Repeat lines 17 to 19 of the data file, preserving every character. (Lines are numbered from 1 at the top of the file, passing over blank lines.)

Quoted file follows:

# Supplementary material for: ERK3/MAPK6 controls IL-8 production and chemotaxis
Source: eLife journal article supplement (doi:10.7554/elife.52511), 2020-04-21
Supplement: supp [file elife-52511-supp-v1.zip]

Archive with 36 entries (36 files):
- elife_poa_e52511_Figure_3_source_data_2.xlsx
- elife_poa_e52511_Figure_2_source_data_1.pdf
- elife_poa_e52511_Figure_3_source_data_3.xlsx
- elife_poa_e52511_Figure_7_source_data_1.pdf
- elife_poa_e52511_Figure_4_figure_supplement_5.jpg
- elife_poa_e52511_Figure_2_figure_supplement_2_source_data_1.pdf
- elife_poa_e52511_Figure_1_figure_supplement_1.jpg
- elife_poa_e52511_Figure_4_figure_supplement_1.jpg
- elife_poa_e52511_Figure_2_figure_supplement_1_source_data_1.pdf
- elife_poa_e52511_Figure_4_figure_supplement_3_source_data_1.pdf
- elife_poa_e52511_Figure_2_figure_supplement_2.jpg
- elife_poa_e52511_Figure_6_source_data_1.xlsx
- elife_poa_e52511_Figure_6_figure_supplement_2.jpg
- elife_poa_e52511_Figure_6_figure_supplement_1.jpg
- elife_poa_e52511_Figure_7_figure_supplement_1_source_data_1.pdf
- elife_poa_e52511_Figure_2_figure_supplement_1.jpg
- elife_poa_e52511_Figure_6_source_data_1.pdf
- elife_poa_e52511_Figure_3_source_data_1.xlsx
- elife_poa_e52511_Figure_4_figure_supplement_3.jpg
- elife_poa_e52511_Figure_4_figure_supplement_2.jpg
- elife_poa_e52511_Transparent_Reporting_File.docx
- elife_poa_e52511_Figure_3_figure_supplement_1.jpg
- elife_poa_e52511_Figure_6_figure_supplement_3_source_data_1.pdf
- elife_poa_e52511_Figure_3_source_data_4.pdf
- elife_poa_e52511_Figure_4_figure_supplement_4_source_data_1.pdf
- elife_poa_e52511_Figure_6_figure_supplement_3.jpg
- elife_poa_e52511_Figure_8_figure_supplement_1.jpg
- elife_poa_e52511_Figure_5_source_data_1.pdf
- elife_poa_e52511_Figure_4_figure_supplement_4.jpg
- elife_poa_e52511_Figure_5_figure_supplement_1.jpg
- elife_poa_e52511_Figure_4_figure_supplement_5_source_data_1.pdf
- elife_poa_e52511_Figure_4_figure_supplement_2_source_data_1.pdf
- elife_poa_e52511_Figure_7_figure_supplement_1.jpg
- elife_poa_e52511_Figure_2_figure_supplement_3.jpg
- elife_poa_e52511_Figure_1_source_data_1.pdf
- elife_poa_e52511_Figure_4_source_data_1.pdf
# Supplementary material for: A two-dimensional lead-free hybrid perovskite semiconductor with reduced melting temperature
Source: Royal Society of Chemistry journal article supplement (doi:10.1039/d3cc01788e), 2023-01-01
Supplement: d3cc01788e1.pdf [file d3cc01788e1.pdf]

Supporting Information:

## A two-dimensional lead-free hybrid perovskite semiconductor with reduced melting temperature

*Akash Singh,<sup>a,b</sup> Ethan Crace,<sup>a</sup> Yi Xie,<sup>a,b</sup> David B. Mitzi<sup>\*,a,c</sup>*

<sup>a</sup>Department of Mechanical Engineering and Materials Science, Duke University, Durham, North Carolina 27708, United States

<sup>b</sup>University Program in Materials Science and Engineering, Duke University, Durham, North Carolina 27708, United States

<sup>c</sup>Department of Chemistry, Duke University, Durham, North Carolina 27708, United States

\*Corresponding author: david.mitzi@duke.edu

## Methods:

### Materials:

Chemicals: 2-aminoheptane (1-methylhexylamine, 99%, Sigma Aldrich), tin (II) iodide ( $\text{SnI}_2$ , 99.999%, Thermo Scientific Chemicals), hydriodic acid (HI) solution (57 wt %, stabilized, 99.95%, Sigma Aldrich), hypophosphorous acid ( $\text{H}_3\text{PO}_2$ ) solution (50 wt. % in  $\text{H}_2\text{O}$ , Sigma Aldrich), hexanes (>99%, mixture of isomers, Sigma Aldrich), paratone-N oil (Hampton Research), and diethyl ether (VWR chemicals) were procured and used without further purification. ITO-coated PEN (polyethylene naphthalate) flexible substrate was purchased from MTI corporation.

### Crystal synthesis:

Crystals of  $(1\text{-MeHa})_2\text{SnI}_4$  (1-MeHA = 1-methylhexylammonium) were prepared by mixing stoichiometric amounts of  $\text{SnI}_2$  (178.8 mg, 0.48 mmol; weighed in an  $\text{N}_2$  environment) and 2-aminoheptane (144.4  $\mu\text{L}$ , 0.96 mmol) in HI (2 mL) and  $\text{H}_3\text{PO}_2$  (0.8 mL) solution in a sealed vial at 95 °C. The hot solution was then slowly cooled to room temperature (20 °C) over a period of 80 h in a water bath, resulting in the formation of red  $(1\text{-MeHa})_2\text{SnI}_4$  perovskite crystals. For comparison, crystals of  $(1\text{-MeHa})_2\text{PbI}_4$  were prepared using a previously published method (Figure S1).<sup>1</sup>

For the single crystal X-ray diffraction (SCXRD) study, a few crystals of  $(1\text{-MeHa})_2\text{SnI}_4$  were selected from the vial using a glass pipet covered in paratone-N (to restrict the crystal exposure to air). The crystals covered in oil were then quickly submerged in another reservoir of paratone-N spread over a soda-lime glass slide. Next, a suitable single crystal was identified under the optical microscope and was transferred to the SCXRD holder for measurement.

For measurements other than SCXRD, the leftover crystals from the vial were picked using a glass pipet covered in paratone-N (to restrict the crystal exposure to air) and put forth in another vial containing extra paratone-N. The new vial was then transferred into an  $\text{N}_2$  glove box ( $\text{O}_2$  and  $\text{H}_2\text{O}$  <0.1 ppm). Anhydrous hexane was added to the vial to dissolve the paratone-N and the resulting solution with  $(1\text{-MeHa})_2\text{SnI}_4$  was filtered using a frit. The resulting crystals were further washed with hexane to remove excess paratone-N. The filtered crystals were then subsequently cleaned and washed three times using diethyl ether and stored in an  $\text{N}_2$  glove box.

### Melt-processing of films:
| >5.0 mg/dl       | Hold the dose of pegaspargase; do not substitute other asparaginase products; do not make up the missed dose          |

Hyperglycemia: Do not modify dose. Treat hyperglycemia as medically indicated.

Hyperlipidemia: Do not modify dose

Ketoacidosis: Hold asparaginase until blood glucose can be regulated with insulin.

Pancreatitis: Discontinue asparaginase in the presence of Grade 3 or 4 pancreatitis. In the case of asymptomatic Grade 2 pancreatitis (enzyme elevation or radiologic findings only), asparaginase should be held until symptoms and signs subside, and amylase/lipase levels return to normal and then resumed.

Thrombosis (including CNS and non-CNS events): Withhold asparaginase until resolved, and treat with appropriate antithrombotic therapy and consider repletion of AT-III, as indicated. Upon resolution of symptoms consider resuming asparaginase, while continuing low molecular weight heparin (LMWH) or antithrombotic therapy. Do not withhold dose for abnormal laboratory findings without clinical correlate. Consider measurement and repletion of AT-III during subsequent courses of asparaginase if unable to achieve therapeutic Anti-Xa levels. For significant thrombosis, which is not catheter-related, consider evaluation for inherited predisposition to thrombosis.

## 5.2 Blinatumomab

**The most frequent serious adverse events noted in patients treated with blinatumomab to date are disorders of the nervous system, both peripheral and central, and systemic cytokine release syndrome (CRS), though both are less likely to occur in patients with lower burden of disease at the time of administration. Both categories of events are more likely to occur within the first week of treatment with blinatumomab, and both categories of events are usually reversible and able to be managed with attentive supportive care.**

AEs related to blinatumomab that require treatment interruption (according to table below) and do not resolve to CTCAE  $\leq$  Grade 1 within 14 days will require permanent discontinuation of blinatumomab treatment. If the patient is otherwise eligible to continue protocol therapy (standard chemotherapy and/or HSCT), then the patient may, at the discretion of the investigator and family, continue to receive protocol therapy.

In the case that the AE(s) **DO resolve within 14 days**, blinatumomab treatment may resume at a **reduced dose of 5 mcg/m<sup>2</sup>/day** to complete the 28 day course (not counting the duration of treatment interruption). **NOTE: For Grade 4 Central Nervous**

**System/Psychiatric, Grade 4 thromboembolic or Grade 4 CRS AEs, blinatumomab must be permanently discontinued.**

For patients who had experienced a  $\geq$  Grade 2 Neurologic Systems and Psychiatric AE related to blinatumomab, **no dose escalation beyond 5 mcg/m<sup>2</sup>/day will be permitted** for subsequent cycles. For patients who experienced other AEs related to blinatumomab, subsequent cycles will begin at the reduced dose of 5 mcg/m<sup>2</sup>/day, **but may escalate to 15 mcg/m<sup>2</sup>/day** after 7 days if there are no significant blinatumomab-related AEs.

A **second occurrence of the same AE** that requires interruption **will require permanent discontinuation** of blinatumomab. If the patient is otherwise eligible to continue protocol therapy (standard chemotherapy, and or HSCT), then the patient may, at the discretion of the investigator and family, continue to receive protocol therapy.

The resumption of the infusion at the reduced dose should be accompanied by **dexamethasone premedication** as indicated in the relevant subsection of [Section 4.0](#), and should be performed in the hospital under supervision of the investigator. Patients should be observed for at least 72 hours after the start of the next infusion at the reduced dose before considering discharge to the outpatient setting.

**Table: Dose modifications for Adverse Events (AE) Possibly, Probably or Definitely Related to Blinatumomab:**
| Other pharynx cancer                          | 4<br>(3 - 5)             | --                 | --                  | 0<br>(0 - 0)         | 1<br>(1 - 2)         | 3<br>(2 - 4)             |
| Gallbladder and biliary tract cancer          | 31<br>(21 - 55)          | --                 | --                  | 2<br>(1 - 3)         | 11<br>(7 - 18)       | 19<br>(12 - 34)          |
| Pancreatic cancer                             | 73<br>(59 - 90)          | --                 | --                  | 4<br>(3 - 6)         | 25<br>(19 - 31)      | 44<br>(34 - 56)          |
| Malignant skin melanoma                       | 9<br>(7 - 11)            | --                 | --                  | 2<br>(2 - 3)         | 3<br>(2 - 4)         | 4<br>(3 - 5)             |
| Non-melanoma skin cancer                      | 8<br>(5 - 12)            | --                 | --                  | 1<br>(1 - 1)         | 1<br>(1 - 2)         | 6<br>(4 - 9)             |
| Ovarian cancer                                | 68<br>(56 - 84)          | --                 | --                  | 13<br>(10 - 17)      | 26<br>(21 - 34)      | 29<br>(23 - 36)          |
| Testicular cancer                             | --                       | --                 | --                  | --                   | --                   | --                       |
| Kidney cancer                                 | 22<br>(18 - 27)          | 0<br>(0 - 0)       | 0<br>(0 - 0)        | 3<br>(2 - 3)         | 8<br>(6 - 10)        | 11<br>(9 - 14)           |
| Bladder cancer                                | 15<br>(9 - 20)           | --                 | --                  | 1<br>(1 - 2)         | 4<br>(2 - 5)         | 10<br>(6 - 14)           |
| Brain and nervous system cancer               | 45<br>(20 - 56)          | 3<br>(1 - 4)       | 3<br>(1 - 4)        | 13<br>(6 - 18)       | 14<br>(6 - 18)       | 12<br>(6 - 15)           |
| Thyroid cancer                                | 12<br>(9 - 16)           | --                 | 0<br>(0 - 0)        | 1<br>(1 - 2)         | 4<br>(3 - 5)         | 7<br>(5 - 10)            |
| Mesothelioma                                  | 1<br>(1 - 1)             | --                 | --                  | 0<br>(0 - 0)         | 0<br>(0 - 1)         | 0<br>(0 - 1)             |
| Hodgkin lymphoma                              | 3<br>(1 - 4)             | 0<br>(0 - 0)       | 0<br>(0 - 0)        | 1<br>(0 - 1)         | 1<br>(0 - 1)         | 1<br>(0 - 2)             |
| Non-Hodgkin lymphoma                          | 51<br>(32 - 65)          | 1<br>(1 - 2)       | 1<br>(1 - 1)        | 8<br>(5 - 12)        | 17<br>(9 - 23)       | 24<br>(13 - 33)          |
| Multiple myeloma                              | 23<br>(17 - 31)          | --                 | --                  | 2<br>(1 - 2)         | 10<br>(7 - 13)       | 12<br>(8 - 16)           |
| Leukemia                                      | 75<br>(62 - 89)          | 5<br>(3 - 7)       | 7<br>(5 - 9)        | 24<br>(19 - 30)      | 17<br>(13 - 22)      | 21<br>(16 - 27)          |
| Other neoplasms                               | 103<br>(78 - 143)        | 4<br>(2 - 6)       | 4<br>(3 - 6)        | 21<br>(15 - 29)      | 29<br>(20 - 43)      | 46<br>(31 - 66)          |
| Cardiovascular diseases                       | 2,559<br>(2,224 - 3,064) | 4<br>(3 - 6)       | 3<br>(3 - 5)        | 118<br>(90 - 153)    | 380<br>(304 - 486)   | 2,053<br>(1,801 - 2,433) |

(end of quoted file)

- elife_poa_e52511_Figure_6_figure_supplement_2.jpg
- elife_poa_e52511_Figure_6_figure_supplement_1.jpg
- elife_poa_e52511_Figure_7_figure_supplement_1_source_data_1.pdf